We’re filling in gaps in the Web that make it more competent than ever for any type of app/experience to integrate into any type of scenario developers would want to. The addition of push notifications, Service Worker, and other technologies have even made big companies with app stores state they will crawl the web for modern web apps and list them in their marketplaces. It’s about using the right platform for the task at hand. If frictionless, fast and secure are among the characteristics you’re looking for, then the Web’s a safe (pun intended?) bet.
It’s great to see Samsung has been so active in the development community lately, what’s the company’s bigger plan with it?
The Web browser is an essential piece of software. Probably one of the most versatile that exists. It can do Augmented Reality, take payment requests and even lets you check your social networks without the use of an app (go figure…). As such, it is the first contact point that people have to the Web. It’s the cornerstone of how people consume digital services and content today. We think that a modern browser is an important part of a user’s experience with a device and it so happens the company itself makes hardware devices as well. We have a vision on privacy, workflows, UI and UX, and many of these ideas go hand in hand with the efforts that are already present in the community.
Being active in the development community allows us to be aware of what is required (both by users and devs) and come up with ideas on how we can make it better. Our bigger plan as a team has always been to “leave the web better than how we found it”. Having a strong evergreen browser is one great way to contribute to this cause, because of all the things it encompasses, from standards to teaching the web.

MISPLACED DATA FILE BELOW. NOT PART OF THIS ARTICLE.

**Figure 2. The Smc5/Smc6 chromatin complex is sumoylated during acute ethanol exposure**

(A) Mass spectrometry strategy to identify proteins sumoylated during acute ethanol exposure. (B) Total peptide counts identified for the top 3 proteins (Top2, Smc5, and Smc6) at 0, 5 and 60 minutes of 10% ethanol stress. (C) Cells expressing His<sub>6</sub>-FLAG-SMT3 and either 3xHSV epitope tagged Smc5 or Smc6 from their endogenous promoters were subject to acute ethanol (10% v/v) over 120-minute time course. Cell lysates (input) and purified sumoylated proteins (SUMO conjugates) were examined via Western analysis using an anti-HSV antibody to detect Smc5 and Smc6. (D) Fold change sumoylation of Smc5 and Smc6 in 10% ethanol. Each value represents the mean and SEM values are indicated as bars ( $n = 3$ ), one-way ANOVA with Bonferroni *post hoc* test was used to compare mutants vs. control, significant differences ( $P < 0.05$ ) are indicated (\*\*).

Do you get involved in new web standards/API design and review progress? Is Samsung active in this direction?
The Samsung Internet team is involved with standards, in many different levels. I sit with some colleagues from Samsung Research UK and Samsung Research America in the Immersive Web W3C Community Group. It’s the place where the WebXR spec is being worked on. I also chaired last year a W3C Workshop on WebVR Authoring in Brussels, in which we aimed to identify challenges and opportunities in creating WebXR experiences.
We have colleagues that are involved with the Payment Request API, our colleague Jungkee Song is an editor in the Service Worker API, and the head of Web Advocacy and Open Source Daniel Appelquist co-chairs the Technical Architecture Group. All this to say we not only try to implement the latest standards into the browser, but we also very actively contribute to their creation.
You’ve prepared lots of hardware devices for your talk at AmsterdamJS. How do you venerate the Demo Gods to let you run everything smoothly?
I’ll ask everyone to turn off their devices, and then tell them they’re holding them wrong. Pray to the kitten gods of the Web and just have a leap of faith into the open void of… a demo. It’ll be the first time I’ll have several devices on stage, so sticking to not letting them smell the fear in me. And crossing my fingers. But above all having a solo dance number as a plan B.
Are you excited about speaking at AmsterdamJS? What’s your experience with speaking so far?
I am very excited to speak at AmsterdamJS. Great city, great time of the year, great people. I think my PhD years were a good introduction to speaking in public. Got to face some though questions from other researchers and learned a lot from the whole experience. During my last year, I was working already as a developer advocate I got to do even more speaking, in a slightly more relaxed environment than the academic one.
I’ve gotten to speak at meetups, workshops, and conferences. I even get to speak with people from different backgrounds, like archaeologists, fashion designers, film students… this is something I really enjoy, having a chat on how web technology can help different people in different areas.